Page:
Photo via AP/David Goldman.

There is a litany of asinine and unfair NCAA rules, but perhaps the most blatantly unfair are the transfer rules. With limited exceptions, college athletes playing football, basketball, baseball, and men’s hockey must sit out a year of competition when they transfer schools. Even more onerous, coaches can choose not to grant their transferring players releases to certain schools, barring them from obtaining scholarships and forcing them to pay their own way.

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The latest battle is at Georgia, where new coach Kirby Smart reversed former coach Mark Richt’s longstanding policy of not restricting transfers, and forbade running back A.J. Turman from obtaining a scholarship anywhere except at a non-UF, non-UM school located in Florida. After a heaping of pressure Smart relented, only keeping the restriction on Miami and Florida.

Turman doesn’t actually have any interest in transferring to Miami—where Mark Richt now coaches—but Smart said he wanted to “set a precedent” that his players couldn’t transfer to play under the coach that recruited them:

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“I wanted to set the precedent for the future that kids would not be able to go to Miami right away,” Smart said. “It’s very important that we understand that, and that’s pretty much standard operating procedure when a coach leaves one place, that a kid can’t go there with the coach. That’s important to me that people understand that.”

Of course Smart—who makes a minimum of $3.75 million a year to coach a bunch of unpaid adults—wasn’t restricted from transferring within his conference to accept the Georgia coaching job, and didn’t have to sit out a year. He’s right that his policy is in-step with most other schools, but being in-step with other unjust policies isn’t a very compelling argument. SEC rules automatically restrict intra-conference transfers, and even if Smart adopted Richt’s more humane transfer policy, Georgia transfers would still have to sit out a year of competition per NCAA rules.

Nearly everybody outside the NCAA bubble recognizes how asinine these restrictions are. In general, one-third of all college students end up transferring during their academic career. All of the reasons non-athlete college students transfer—they don’t like the school, they’re homesick, they want to be in a different academic environment, their financial situation changed, etc.—also apply to college athletes.

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Athletes are special, though, in that they’re recruited to specific schools in a dizzying and often very personal manner by specific coaches, and are made certain promises by those specific coaches. Why shouldn’t Georgia’s players be allowed to transfer to Miami to continue playing under the coach who helped convince them to attend Georgia in the first place? College football is so time-intensive and cutthroat that most of these players are really choosing a set of coaches at least as much as they are choosing a college.

While you probably shouldn’t expect humanity to prevail in the NCAA anytime soon, it’s getting there, inch by inch. Houston coach Tom Herman went on the Paul Finebaum radio show Thursday, and argued that not only should players be allowed to transfer to any school without restriction, but after a coaching change they should also be allowed to transfer without having to sit out a year. Via Football Scoop:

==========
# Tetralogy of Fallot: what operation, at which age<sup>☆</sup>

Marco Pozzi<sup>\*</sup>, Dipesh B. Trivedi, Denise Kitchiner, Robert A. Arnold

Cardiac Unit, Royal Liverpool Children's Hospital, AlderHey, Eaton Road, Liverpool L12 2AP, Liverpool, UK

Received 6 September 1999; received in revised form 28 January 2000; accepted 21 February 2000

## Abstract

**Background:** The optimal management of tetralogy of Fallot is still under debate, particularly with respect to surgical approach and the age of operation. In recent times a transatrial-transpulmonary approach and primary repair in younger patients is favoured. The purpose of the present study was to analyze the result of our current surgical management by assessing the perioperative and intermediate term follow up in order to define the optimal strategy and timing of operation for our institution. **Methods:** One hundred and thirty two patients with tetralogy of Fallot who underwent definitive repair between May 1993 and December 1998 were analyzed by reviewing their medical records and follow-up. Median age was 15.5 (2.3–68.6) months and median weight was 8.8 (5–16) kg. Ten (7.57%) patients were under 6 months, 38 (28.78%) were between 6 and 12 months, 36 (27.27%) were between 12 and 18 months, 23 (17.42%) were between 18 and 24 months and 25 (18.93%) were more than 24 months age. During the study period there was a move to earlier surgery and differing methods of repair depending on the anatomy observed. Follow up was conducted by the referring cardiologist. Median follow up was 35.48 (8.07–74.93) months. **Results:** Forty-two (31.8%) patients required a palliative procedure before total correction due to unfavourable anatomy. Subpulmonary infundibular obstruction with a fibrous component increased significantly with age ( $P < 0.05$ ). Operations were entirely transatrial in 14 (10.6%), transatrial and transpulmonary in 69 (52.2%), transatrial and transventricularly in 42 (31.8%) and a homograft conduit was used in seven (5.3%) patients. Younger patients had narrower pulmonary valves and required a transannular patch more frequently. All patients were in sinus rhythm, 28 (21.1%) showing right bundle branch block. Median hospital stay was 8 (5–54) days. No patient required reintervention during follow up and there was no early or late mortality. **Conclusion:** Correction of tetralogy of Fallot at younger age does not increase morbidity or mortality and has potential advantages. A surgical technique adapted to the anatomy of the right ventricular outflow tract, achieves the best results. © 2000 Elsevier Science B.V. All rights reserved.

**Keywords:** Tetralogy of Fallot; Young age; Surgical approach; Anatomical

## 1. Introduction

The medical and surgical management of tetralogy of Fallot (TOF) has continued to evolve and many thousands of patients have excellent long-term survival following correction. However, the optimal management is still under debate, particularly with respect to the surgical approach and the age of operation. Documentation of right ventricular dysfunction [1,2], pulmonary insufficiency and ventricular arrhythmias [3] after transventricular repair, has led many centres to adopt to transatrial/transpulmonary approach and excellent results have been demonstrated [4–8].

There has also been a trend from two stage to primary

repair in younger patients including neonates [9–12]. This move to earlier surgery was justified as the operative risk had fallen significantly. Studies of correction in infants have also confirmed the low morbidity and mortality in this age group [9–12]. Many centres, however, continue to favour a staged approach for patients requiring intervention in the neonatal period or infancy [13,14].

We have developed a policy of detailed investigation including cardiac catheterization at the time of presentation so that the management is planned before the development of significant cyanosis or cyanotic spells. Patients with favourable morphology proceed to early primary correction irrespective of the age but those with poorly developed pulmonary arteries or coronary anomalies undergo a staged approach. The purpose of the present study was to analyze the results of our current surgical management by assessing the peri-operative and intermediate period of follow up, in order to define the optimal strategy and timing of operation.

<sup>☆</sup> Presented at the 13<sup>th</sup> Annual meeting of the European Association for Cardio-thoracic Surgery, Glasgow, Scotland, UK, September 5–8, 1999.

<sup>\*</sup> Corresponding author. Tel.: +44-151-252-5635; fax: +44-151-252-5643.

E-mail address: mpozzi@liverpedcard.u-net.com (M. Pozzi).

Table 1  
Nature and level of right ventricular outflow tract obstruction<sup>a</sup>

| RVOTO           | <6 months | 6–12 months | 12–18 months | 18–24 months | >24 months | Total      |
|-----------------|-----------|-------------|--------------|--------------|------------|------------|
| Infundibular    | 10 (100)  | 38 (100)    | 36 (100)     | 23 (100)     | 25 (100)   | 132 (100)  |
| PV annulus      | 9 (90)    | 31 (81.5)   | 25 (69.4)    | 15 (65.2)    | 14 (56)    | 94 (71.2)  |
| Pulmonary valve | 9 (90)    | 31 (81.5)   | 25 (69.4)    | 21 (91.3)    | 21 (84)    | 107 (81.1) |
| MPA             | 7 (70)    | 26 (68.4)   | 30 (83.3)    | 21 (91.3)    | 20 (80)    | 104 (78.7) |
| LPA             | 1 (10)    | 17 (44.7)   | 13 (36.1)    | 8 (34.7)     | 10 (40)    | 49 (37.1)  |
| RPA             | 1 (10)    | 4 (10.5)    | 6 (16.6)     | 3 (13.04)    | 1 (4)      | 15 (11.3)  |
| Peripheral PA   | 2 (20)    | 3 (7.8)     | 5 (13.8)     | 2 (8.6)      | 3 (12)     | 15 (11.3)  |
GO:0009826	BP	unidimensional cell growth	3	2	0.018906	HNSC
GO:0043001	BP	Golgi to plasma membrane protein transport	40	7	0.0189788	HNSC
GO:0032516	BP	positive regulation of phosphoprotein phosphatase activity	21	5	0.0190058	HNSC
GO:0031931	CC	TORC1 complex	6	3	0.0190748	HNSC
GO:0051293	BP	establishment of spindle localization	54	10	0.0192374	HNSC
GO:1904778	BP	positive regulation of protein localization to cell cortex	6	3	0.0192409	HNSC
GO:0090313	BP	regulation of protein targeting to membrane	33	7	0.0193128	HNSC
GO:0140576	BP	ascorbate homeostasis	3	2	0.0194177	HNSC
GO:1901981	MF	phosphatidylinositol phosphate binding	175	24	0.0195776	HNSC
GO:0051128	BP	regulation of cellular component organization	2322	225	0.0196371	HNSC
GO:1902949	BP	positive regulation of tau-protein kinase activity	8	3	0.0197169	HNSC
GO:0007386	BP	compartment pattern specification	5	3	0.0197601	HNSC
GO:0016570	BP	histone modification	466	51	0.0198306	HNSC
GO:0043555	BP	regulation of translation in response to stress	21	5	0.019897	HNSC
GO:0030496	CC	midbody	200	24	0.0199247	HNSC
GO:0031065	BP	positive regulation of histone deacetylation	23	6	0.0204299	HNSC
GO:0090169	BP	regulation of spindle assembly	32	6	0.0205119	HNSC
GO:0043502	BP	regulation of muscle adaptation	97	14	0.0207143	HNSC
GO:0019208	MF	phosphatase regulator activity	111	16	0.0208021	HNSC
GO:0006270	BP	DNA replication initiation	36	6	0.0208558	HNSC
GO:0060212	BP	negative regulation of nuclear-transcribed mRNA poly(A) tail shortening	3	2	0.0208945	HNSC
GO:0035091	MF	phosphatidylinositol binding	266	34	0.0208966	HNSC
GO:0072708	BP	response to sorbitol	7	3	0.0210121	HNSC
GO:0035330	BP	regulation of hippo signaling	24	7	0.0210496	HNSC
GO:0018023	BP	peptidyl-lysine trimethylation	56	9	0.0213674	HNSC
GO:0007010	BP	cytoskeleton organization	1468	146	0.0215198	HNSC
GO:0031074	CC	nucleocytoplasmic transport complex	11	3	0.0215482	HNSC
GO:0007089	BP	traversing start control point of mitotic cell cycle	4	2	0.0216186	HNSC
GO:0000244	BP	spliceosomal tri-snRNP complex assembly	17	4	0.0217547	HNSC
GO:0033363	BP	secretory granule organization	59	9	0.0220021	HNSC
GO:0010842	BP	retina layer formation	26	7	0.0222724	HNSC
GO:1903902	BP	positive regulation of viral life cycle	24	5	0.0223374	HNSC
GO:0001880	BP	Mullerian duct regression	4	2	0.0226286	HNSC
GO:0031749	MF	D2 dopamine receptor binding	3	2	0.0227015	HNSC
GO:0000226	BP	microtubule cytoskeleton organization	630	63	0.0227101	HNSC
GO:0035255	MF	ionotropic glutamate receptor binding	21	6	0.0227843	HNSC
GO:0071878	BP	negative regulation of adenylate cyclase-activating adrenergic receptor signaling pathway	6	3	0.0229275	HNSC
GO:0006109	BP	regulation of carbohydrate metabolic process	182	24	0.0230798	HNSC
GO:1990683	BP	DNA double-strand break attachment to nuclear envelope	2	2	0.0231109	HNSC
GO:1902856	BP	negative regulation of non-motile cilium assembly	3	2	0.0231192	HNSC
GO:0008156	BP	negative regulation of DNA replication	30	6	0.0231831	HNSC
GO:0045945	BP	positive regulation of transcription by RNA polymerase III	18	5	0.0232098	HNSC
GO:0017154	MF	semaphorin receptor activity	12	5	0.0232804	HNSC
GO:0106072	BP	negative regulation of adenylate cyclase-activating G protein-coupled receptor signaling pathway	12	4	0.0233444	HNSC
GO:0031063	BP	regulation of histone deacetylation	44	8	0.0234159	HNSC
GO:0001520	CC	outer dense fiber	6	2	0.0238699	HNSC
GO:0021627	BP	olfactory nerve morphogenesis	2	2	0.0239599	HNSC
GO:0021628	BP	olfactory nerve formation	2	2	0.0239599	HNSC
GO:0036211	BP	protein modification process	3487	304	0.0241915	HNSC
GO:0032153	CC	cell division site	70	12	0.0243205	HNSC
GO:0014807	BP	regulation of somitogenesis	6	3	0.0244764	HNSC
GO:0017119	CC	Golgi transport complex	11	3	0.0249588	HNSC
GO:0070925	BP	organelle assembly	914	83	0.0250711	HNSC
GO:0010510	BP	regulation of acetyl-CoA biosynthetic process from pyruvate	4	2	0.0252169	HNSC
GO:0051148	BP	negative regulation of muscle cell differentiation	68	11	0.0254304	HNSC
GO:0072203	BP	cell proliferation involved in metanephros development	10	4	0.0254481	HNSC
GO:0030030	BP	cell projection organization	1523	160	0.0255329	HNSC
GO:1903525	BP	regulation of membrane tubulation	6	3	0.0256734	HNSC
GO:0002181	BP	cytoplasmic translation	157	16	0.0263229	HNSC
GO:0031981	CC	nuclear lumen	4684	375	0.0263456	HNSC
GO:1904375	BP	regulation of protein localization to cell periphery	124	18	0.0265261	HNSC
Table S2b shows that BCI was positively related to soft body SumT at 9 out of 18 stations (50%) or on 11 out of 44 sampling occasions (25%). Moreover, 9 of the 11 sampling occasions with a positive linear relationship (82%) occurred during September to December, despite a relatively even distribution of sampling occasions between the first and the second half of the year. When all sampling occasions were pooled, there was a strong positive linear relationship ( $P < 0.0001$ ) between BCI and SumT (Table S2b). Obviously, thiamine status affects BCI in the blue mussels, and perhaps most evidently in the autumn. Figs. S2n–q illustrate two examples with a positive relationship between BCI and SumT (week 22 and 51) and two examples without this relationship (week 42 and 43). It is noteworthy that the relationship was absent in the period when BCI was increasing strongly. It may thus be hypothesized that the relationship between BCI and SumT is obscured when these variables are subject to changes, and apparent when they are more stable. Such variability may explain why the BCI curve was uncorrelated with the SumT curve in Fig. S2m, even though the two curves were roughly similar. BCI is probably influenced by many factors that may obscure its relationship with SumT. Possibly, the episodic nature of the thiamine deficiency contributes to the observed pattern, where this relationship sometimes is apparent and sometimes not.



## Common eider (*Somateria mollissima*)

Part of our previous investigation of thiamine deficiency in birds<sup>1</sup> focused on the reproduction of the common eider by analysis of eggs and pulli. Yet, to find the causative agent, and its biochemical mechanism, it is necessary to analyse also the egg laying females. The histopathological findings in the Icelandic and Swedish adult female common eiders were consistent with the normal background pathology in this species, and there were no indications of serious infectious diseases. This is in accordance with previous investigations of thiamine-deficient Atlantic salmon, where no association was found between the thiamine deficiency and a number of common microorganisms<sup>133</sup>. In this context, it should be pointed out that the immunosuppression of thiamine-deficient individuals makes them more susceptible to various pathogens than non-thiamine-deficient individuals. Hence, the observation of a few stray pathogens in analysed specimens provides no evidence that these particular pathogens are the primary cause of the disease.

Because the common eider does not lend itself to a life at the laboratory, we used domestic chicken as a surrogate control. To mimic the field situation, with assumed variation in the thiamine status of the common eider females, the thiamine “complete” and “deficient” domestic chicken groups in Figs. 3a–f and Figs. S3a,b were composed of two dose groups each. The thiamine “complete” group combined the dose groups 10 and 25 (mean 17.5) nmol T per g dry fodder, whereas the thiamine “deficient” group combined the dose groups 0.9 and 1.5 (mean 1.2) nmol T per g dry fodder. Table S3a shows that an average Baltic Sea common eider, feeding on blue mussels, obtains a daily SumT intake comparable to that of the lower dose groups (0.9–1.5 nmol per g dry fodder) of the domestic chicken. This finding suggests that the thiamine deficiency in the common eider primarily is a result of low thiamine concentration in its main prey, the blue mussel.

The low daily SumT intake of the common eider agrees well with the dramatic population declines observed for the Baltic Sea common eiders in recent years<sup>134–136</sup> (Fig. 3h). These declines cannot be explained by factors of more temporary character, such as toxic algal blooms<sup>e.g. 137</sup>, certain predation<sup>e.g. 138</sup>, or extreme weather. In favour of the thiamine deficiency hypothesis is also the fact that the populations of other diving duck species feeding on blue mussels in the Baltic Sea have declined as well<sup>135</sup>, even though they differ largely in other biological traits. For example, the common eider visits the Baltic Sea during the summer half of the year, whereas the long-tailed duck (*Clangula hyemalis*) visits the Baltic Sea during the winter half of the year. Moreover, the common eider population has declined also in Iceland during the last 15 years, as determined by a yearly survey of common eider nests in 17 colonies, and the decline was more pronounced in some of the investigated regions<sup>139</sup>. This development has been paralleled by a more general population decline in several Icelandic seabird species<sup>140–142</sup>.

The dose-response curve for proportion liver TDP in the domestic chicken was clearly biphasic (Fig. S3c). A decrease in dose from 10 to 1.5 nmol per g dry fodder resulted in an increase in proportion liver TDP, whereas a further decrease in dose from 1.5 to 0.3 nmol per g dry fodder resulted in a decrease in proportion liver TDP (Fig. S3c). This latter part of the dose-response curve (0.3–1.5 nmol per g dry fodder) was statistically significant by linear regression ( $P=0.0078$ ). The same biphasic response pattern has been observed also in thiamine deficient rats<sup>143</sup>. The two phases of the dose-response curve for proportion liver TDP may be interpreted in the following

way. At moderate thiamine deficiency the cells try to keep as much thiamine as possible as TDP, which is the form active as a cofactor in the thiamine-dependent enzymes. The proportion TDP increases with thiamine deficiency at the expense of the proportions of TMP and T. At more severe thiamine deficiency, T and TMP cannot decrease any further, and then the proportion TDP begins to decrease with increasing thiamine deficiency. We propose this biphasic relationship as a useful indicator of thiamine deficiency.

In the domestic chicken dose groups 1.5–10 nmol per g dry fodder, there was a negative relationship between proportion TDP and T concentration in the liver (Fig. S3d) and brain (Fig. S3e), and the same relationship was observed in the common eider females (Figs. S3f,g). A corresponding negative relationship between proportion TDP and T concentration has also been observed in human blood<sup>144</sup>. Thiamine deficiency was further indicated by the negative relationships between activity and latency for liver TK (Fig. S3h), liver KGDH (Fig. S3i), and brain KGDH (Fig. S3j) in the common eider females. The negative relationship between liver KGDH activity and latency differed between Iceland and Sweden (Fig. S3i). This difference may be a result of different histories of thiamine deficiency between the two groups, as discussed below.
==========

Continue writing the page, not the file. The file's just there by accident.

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“People forget I spent six years coaching I-AA football, or FCS football. We made a living on four-year transfers that were not happy in their current situation and wanted a new lease on their football career. I’m into student-athlete welfare. I think that, as much as we want the exterior to look like a young man is going to pick a school based on the school and the school alone and it have nothing to do with the people, I think that’s living with our head in the sand a little bit. I think that the current transfer standards are okay where they’re at. If you’re asking my opinion how could they be changed or benefit the student-athlete if there is a coaching change a student-athlete should be able to leave on his own accord and be eligible immediately.

“If the student-athlete is just plain and simple unhappy and wants to go somewhere else then I think a one-year cooling off period to make sure you understand what you’re doing and what you’re doing is going to cost you a year of eligibility is fair but if a coaching change does happen and the people in that young man’s life do change I think he should have every right to go wherever he wants.”

It’s a big block of text, but it’s worth reading in full. As Herman says, his views are informed by coaching six years at FCS schools Sam Houston State and Texas State, meaning FBS athletes could transfer to his schools without losing a year of eligibility.

Herman is no radical. Absent a coaching change, he still thinks there should be a “one-year cooling off period,” an insulting sentiment based upon the idea that these young men need to be protected from their own decisions. But he at least recognizes that high school football players don’t choose a school to be a Michigan Man or whatever, but because they buy what the coaching staff is selling. And if they get bait-and-switched because that coach takes advantage of his freedom to leave, the players shouldn’t be the ones punished for it.